Martin, Thank you. I appreciate your help. Where can I read about the Air Drywall Approach?

  47. bruce | | #47

    Kraft Paper Backed Fiberglass Insulation (asphat coated)
    Martin, Another question in trying to understand the problem of solar driven vapor. Would the use of kraft paper backed fiberglass insulation (asphat coated) in the walls of a air conditioned house present the same problem as the polyethylene sheet.

  48. bruce | | #48

    Dew Point Temperatures
    Martin, Where can i get information regarding the dew point temperature for various levels of humidity?

  49. User avater GBA Editor
  50. bruce | | #50

    E-mail address
    Martin, Thank you again. Could you send me your e-mail address?

  51. User avater GBA Editor
    Martin Holladay | | #51

    Response to Bruce's 9th question
    Bruce,
    I can be reached at
    martin [at] greenbuildingadvisor [dot] com

  52. Gary | | #52

    Inward Solar Vapor Drive
    Ok, here's the deal. Our building is a 23 year old brick apartment complex. There is a vapor barrier on the outside and inside, also has regular insulation. During the summer it's almost raining inside the walls...measured at 91%RM and 72% H. In the past we have cut a hole in the wall to dry it out, but I think this is only a temp patch to the real problem. How do I solve this so we have never deal with it again? Please Help!!!

  53. User avater GBA Editor
    Martin Holladay | | #53

    Response to Gary
    Gary,
    It's impossible for anyone to diagnose the problems at your building without a site visit. I don't know whether you are the owner or a tenant, but the first step toward finding a solution is to hire a home performance contractor or energy rater -- ideally someone certified by RESNET or BPI -- to visit the building and conduct some tests.

    A few comments:
    1. It is highly unusual for a brick building to have an exterior vapor barrier. You don't mention what material is used as an exterior vapor barrier.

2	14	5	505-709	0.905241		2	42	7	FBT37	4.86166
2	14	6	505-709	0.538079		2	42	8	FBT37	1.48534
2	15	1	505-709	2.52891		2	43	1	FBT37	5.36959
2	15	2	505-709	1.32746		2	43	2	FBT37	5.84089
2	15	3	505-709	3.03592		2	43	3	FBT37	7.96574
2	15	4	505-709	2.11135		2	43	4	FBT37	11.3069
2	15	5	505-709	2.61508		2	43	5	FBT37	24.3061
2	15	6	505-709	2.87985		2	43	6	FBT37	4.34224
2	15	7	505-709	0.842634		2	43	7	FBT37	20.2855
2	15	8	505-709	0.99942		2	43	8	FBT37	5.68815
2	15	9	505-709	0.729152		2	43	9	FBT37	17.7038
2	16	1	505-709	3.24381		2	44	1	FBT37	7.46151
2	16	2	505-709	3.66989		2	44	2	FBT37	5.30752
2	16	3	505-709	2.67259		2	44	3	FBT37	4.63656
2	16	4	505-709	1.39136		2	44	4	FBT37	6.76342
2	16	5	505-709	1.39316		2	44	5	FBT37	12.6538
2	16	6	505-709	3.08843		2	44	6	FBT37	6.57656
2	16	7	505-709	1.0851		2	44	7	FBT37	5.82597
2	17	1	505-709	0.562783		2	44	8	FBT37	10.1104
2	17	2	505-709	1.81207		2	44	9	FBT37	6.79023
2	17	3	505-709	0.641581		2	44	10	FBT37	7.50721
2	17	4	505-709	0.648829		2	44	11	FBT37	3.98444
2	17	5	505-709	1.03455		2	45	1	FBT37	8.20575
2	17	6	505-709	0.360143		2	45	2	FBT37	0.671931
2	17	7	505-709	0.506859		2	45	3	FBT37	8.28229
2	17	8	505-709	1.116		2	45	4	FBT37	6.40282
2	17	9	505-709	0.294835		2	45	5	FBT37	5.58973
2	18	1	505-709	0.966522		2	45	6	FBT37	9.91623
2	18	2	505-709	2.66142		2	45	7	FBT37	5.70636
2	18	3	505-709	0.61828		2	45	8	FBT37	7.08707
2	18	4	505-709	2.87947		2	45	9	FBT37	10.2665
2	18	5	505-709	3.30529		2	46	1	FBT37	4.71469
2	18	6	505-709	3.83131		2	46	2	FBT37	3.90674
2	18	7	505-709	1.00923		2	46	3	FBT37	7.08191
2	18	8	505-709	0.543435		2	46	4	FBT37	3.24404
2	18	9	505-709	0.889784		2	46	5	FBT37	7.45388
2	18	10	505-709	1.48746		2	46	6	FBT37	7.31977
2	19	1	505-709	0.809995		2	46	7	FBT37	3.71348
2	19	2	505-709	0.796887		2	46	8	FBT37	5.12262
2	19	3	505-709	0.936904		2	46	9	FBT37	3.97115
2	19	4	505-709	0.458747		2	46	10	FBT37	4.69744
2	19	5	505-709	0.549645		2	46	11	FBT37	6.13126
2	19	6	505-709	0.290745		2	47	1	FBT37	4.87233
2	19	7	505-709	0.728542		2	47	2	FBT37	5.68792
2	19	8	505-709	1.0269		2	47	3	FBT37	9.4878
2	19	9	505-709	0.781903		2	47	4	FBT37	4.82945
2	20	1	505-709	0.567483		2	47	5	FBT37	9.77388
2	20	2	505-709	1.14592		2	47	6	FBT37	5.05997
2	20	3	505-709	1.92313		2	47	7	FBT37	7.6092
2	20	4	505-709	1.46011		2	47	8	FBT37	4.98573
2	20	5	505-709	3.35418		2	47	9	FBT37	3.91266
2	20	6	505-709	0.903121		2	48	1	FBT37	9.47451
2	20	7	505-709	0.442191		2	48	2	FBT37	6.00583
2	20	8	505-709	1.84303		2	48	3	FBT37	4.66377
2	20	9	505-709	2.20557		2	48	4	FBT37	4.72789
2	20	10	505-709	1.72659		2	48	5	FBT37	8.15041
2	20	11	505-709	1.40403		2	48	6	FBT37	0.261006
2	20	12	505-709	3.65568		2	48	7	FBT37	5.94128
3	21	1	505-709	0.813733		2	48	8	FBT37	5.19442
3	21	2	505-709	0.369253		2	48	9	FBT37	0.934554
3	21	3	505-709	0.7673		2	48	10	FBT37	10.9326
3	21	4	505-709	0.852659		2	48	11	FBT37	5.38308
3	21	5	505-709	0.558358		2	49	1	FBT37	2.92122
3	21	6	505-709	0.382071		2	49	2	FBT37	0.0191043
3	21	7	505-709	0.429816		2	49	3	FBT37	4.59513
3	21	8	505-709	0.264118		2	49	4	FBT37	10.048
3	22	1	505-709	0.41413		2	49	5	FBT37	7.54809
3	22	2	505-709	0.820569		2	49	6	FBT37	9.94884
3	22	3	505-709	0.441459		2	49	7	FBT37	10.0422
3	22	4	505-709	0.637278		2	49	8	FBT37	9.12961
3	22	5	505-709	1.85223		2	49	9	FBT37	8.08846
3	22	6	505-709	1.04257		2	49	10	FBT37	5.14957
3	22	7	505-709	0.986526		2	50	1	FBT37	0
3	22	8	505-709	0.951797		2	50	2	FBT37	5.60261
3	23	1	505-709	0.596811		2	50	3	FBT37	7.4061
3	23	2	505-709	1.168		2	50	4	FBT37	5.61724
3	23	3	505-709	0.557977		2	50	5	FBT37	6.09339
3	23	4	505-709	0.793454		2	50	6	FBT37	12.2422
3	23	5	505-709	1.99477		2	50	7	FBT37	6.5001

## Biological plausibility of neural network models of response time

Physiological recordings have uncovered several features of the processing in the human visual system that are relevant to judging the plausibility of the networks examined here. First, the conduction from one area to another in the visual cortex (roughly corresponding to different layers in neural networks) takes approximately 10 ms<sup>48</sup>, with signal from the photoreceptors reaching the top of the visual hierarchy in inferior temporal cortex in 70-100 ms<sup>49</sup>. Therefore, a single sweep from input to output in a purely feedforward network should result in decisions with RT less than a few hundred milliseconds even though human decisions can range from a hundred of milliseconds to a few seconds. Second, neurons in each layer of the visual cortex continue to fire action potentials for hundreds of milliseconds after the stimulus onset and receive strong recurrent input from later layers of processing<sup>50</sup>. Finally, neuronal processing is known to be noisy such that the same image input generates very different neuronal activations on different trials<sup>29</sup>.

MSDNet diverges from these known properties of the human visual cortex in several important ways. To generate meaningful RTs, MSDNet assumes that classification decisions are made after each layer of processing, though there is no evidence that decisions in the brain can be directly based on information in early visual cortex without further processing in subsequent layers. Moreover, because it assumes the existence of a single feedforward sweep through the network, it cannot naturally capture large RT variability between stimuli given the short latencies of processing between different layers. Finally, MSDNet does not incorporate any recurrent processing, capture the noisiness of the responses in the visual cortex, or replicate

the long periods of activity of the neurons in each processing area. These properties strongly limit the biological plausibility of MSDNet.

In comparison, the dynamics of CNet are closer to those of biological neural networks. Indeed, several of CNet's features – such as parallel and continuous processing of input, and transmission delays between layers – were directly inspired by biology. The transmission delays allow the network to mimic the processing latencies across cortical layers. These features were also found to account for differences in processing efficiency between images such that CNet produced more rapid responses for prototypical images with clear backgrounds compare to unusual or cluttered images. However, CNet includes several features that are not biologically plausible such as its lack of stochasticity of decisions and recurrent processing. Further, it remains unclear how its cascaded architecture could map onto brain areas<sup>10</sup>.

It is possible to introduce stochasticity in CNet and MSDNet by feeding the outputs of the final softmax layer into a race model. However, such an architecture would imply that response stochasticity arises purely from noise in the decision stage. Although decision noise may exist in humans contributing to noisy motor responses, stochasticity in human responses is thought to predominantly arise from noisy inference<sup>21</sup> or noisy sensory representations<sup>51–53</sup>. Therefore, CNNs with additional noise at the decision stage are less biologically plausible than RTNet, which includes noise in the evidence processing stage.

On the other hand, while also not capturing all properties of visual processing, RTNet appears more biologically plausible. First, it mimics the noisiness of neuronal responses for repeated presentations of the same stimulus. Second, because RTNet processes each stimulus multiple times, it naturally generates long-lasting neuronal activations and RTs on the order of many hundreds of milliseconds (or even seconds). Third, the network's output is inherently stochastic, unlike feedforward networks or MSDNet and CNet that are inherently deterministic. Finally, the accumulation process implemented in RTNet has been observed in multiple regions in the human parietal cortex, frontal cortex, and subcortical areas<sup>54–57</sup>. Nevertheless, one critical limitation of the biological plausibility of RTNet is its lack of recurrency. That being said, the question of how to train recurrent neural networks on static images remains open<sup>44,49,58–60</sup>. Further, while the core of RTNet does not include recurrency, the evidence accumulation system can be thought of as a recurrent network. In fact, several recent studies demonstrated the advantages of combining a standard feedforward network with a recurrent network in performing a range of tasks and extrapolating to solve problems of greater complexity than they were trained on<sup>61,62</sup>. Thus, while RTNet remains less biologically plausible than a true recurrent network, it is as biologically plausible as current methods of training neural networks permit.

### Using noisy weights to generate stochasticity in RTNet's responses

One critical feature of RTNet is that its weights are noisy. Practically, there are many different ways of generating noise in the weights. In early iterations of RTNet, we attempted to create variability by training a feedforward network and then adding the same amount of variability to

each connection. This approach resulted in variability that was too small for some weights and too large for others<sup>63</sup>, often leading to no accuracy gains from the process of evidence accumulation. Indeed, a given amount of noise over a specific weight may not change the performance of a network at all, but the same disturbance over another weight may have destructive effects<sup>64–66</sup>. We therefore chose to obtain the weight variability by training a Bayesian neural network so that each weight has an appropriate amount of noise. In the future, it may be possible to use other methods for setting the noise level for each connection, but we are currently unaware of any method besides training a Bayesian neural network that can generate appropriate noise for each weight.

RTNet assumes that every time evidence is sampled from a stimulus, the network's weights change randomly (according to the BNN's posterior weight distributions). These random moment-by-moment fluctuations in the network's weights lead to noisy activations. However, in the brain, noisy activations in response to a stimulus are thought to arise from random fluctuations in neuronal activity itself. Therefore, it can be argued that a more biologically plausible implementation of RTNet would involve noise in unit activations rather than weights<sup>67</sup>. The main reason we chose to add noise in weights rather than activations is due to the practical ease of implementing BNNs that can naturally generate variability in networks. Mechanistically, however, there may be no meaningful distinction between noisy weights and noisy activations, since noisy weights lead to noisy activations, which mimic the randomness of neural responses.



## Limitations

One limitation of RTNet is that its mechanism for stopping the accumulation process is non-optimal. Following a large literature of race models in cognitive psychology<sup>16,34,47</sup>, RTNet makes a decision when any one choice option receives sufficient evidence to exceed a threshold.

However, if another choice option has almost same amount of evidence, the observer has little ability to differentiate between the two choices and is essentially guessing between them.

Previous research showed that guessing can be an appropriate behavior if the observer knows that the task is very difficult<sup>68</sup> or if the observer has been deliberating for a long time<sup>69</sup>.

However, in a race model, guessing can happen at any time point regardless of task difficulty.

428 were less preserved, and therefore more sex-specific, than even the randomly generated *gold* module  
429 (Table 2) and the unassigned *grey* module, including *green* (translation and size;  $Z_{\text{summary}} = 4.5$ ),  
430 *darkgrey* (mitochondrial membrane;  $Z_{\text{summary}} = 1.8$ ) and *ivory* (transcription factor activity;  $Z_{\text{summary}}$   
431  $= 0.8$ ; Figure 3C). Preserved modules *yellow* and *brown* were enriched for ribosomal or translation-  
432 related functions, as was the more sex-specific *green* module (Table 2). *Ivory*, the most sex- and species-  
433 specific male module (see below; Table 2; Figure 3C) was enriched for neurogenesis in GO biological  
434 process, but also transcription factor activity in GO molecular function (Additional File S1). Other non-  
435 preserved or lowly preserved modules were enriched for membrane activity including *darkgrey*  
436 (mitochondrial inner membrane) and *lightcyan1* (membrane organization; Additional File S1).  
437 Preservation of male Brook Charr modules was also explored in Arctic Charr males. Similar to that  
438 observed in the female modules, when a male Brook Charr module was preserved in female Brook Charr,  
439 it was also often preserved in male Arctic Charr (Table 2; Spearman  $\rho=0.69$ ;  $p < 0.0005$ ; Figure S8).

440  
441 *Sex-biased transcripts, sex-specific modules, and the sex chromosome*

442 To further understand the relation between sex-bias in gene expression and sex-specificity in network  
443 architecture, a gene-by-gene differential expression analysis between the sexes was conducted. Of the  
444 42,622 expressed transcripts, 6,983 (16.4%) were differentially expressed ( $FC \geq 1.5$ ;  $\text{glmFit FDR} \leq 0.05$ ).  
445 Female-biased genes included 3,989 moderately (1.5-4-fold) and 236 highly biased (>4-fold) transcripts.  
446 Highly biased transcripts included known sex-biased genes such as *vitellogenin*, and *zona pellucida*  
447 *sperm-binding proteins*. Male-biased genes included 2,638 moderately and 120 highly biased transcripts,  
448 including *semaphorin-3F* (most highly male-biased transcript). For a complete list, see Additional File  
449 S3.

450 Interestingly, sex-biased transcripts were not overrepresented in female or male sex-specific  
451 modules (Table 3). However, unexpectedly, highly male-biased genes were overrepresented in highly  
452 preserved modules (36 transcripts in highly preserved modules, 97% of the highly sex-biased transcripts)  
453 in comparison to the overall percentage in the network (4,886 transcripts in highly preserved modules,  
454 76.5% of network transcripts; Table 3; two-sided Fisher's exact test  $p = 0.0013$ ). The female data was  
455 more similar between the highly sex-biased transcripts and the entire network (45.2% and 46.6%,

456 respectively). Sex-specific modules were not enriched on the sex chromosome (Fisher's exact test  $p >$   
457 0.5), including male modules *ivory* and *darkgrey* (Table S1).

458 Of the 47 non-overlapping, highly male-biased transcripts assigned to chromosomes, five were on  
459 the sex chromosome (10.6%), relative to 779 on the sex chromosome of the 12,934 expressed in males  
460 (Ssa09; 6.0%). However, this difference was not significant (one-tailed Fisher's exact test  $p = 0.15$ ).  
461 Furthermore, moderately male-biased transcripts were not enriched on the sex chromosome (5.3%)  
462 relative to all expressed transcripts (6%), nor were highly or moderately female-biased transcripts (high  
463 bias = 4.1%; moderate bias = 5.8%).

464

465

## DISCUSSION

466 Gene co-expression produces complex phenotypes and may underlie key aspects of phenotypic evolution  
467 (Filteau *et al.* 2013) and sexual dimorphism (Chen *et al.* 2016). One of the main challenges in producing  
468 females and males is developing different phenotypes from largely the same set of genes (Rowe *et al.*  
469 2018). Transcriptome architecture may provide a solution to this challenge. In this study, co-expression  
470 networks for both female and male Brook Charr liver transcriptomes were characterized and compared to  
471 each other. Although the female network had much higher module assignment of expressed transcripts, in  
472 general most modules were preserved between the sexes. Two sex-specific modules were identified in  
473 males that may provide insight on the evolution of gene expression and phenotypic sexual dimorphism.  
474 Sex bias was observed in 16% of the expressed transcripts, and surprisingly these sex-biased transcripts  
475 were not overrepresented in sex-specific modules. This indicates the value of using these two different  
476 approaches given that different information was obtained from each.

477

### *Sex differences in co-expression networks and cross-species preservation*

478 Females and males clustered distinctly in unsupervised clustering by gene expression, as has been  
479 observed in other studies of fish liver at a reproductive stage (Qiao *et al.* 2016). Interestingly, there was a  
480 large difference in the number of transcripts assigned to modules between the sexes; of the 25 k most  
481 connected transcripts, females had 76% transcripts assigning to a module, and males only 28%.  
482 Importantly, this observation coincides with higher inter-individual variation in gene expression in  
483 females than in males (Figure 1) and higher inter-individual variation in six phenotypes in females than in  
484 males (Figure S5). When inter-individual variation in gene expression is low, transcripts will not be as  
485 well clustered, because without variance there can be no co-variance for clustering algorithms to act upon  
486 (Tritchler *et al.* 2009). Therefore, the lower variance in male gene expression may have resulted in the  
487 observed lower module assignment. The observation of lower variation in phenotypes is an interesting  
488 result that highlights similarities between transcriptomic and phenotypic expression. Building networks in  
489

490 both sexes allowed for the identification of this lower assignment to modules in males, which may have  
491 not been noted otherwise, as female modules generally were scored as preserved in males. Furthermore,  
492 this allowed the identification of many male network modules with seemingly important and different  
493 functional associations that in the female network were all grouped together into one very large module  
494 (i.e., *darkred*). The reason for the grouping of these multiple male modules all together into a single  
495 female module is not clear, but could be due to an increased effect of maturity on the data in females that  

2. The basic solution to high indoor humidity during the summer is to install air conditioning.

  54. Fred | | #54

    New Home concerns
    I live in northern Kentucky and just completed a new ranch home. Construction features are 6" walls with blown in cellulouse on living level. Basement is walkout with approximattley 50% of the walls above ground with 6" studded construction. House is totally sheeted in OSB with Tyvek wrap. There is no interior vapor barrier on living level other than what might be reffered to as the air tight drywall approach. Are studded walls are brick wrapped with 1" air gap. Basement is currentlly unfinished and insulation is 6" J&M poly wrapped batting. What has prompted my concern is that I have stared to finish my basement and have discovered moisture behind the batting due to the cold surface temperature of the OSB board. I have started to run a de-humidifier and am installing 1/2" polystyrene board over the OSB and sealing the edges with foam. I then am putting back the batting and drywalling. Do you think I am OK with this or am I missing something else? Am I OK on the living level?

  55. User avater GBA Editor
    Martin Holladay | | #55

    Response to Fred
    Fred,
    The best wall sheathing behind brick veneer is rigid foam (XPS or foil-faced polyiso), since these sheathings prevent inward solar vapor drive and solve the "cold OSB" problem.

    However, you have already chosen OSB. Your proposed solution -- installing rigid foam on the interior side of the damp OSB, between the studs -- is an acceptable solution, as long as it is carefully detailed and the foam is thick enough. Ideally, you will let the OSB dry out before installing the rigid foam, although the OSB will probably eventually dry out to the exterior.

    The foam you have chosen ( 1/2-in. polystyrene ) has an R-value of only about R-1.8 or perhaps R-2.5, depending on what type of polystyrene you have chosen. It would be better to choose thicker foam, in order to keep the interior surface of the foam above the dew point. Your thin foam may still be cold enough to allow moisture to accumulate on the interior side of the foam. To learn more on this topic, see Calculating the Minimum Thickness of Rigid Foam Sheathing.

  56. Fred | | #56

    More info
    Martin,
    Foam is GreenGuard from PACTIV Building Products. it's called XPS Insulation Board and is rated R-3. I'm using "Great Stuff" foam to seal all the edges. I did run fans and heaters to dry OSB before installing foam. Think I'm OK. On issue of living space with blown in cellulouse, do you think I'm go to go there? Thanks for your fast responce, lots of good info on your blog.